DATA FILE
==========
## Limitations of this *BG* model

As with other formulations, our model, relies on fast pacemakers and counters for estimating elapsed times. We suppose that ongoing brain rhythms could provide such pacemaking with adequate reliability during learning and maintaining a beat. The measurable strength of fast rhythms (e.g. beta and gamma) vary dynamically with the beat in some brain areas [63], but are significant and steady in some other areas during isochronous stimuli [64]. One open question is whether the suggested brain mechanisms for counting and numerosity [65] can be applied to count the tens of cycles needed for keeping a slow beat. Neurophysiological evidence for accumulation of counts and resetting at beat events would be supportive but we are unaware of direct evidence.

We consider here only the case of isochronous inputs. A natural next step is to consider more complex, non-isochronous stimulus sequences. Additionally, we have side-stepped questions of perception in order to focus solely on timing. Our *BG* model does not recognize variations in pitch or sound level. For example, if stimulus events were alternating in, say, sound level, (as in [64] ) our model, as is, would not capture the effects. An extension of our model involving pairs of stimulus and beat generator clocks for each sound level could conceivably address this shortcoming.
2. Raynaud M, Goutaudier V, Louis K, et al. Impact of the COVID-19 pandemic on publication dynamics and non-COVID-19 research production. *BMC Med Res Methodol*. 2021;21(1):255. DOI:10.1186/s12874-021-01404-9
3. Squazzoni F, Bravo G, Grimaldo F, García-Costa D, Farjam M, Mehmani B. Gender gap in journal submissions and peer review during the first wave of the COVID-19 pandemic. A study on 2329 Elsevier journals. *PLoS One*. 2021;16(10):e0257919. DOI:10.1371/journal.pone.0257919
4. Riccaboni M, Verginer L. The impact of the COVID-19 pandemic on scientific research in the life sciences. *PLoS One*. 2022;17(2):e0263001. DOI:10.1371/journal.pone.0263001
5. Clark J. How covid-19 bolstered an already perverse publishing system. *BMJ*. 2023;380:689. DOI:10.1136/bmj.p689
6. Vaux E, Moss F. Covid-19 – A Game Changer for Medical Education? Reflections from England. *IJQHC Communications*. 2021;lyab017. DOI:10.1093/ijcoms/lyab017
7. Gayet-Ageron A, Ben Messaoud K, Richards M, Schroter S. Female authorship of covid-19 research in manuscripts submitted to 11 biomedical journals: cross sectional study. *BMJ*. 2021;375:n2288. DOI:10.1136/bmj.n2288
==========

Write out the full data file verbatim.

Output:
## Limitations of this *BG* model

As with other formulations, our model, relies on fast pacemakers and counters for estimating elapsed times. We suppose that ongoing brain rhythms could provide such pacemaking with adequate reliability during learning and maintaining a beat. The measurable strength of fast rhythms (e.g. beta and gamma) vary dynamically with the beat in some brain areas [63], but are significant and steady in some other areas during isochronous stimuli [64]. One open question is whether the suggested brain mechanisms for counting and numerosity [65] can be applied to count the tens of cycles needed for keeping a slow beat. Neurophysiological evidence for accumulation of counts and resetting at beat events would be supportive but we are unaware of direct evidence.

We consider here only the case of isochronous inputs. A natural next step is to consider more complex, non-isochronous stimulus sequences. Additionally, we have side-stepped questions of perception in order to focus solely on timing. Our *BG* model does not recognize variations in pitch or sound level. For example, if stimulus events were alternating in, say, sound level, (as in [64] ) our model, as is, would not capture the effects. An extension of our model involving pairs of stimulus and beat generator clocks for each sound level could conceivably address this shortcoming.
2. Raynaud M, Goutaudier V, Louis K, et al. Impact of the COVID-19 pandemic on publication dynamics and non-COVID-19 research production. *BMC Med Res Methodol*. 2021;21(1):255. DOI:10.1186/s12874-021-01404-9
3. Squazzoni F, Bravo G, Grimaldo F, García-Costa D, Farjam M, Mehmani B. Gender gap in journal submissions and peer review during the first wave of the COVID-19 pandemic. A study on 2329 Elsevier journals. *PLoS One*. 2021;16(10):e0257919. DOI:10.1371/journal.pone.0257919
4. Riccaboni M, Verginer L. The impact of the COVID-19 pandemic on scientific research in the life sciences. *PLoS One*. 2022;17(2):e0263001. DOI:10.1371/journal.pone.0263001
5. Clark J. How covid-19 bolstered an already perverse publishing system. *BMJ*. 2023;380:689. DOI:10.1136/bmj.p689
6. Vaux E, Moss F. Covid-19 – A Game Changer for Medical Education? Reflections from England. *IJQHC Communications*. 2021;lyab017. DOI:10.1093/ijcoms/lyab017
7. Gayet-Ageron A, Ben Messaoud K, Richards M, Schroter S. Female authorship of covid-19 research in manuscripts submitted to 11 biomedical journals: cross sectional study. *BMJ*. 2021;375:n2288. DOI:10.1136/bmj.n2288